The Adaptability Culture

The adaptability culture is characterized by strategic leaders encouraging values that support the organization's ability to interpret and translate signals from the environment into new behavioral responses.

The adaptability culture also consists in strategic focus on the external environment through flexibility and change to meet customer needs. The culture encourages entrepreneurial values, norms, and beliefs that support the capacity of the organization to detect, interpret, and translate signals from the environment into new behavior responses.

This type of company, however, doesn’t just react quickly to environmental changes — it actively creates change. Innovation, creativity, and risk-taking are valued and rewarded.

Most Internet-based companies use the adaptability type of culture, as do many companies in the marketing, electronics, and cosmetics industries, because they must move quickly to satisfy customers.

Zappos.com became a hugely successful Internal retailer with an adaptability culture that encourages open-mindedness, teamwork, and a little weirdness. The Book Mark underneath tells more about the successful, slightly wacky Zappos culture.

Delivering Happiness: A Path to Profits, Passion, and Purpose
How many companies pay employees to quit? Zappos.com does, because CEO Tony Hsieh believes paying someone to leave is $2,000 well spent when it gets rid of a person who doesn’t fit in and could damage the company’s culture. The successful Internet seller of shoes (and now other products) is renowned for its exceptional customer service, but managers say they don’t even talk about customer service at the company. Instead they focus on culture, and exceptional service and high performance happen as a result.

DELIVERING HAPPINESS THE ZAPPOS WAY
Tony Hsieh joined Zappos.com in 2000 and sunk practically all his assets into the business to keep it going during the dot-com bust. By 2009, when Amazon purchased the company for $1.2 billion, Zappos was one of the most successful Internet retailers of all time. Hsieh believes that’s because the primary goal of the company was not to sell shoes, but to deliver happiness, both to employees and customers.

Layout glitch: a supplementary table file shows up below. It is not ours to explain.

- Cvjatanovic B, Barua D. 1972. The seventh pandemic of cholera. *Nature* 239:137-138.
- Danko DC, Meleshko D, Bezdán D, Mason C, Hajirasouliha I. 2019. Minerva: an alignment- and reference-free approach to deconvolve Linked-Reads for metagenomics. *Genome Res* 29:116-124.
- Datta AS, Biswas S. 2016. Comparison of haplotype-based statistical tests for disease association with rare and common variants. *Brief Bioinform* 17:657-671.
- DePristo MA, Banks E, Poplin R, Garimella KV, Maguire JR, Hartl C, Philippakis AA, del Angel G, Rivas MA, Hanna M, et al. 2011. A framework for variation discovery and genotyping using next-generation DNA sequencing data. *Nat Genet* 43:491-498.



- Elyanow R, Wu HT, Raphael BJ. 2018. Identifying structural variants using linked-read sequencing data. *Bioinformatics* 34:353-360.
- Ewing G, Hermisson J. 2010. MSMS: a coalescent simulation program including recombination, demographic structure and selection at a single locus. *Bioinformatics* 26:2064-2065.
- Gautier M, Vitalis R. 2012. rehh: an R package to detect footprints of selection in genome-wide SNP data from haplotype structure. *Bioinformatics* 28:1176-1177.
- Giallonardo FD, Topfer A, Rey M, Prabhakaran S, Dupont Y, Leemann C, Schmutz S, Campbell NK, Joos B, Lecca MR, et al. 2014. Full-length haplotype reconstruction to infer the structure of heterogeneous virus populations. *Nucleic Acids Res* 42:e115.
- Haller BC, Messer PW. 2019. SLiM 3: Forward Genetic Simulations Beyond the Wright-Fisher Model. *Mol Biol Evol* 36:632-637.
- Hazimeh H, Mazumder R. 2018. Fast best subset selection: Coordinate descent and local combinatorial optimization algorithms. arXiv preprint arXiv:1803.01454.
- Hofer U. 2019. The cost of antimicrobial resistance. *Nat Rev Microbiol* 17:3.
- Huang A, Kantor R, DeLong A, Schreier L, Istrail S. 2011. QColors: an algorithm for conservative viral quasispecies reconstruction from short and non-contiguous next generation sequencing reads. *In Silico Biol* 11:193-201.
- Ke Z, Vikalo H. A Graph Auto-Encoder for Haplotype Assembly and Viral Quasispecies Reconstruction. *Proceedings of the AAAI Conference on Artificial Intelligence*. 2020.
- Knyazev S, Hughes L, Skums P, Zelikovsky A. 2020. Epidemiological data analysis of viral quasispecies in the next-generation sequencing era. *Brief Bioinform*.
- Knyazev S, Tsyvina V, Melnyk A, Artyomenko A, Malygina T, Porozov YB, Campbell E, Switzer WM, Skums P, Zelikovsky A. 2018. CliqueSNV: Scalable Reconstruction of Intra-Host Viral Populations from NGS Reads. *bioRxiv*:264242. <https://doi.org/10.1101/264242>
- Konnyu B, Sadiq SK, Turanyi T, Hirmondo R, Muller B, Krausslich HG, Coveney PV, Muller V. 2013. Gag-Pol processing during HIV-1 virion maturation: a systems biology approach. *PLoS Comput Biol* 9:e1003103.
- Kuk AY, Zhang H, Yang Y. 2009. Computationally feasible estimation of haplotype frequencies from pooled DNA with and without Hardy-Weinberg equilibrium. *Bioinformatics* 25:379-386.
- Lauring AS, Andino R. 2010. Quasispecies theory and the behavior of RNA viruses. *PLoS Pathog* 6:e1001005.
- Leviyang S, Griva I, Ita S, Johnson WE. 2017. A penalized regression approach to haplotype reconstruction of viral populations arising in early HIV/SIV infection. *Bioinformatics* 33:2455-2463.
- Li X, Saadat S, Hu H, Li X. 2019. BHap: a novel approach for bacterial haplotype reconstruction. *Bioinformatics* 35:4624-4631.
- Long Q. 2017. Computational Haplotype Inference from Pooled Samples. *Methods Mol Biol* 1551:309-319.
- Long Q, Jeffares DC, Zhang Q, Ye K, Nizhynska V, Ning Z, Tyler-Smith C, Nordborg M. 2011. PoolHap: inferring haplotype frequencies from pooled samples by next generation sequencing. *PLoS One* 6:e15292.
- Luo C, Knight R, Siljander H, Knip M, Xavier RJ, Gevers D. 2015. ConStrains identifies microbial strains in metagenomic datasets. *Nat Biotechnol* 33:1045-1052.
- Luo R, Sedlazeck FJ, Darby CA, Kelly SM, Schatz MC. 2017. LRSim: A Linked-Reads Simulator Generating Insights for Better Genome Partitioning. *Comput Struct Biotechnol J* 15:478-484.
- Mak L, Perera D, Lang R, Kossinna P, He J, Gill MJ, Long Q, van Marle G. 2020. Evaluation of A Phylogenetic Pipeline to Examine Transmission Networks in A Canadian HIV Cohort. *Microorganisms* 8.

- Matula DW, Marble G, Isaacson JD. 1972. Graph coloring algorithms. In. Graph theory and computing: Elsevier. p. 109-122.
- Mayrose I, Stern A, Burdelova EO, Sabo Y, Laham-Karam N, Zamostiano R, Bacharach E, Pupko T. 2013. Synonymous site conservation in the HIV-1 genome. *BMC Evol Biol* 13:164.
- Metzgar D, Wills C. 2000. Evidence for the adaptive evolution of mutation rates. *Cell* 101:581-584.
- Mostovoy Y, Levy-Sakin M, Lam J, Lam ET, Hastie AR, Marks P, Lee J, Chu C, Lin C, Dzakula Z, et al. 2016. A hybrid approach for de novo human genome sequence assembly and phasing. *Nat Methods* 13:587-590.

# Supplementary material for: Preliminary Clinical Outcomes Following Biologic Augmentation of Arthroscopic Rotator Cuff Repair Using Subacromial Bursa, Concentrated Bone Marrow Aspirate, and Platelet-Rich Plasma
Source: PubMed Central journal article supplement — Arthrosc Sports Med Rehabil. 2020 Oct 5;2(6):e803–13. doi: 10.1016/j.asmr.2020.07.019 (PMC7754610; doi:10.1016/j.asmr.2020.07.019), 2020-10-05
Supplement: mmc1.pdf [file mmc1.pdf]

Hsieh knew first-hand how important a strong, constructive culture is when it comes to employee and customer happiness. He had experienced the joyless grind of working in a job that had no meaning, where technical skill as all that mattered. Hsieh decided to write Delivering Happiness to talk about his journey from “chasing profits to chasing passion,” the life lessons he has learned, and how those lessons have been applied at Zappos. Here are some key points for business leaders:

  • Get the right values. Zappos has a set of 10 core values that include Create fun and a little weirdness; Deliver Wow through service; Embrace and drive change; Be adventurous, creative, and open-minded; Pursue growth and learning; and Be humble. But Hsieh didn’t dictate the values from on high. He sent an e-mail to all employees asking them what values should guide the company. The responses were discussed, condensed, and combined to come up with the final list.
  • Get the right people. Zappos does two sets of interviews. The first focuses on relevant experience, professional and technical skills, and the ability to work with the team. The second focuses purely on culture fit. There are questions for each of the core values, such as. How weird are you? People are carefully selected to fit Zappos’ culture, even if it means rejecting people with stronger technical skills.
  • Make culture a top priority. All employees attend a four-week training session and commit the core values to memory. At the end of training, they’re offered $2,000 to resign if they believe they aren’t a good fit with the culture. Every year, Zappos puts out a Culture Book, in which employees share their own stories about what the Zappos culture means to them. Core values are supported by structures, processes, and systems that give them concrete reality and keep them in the forefront of employees’ attention, and performance reviews are based in part on how well people participate in the culture.
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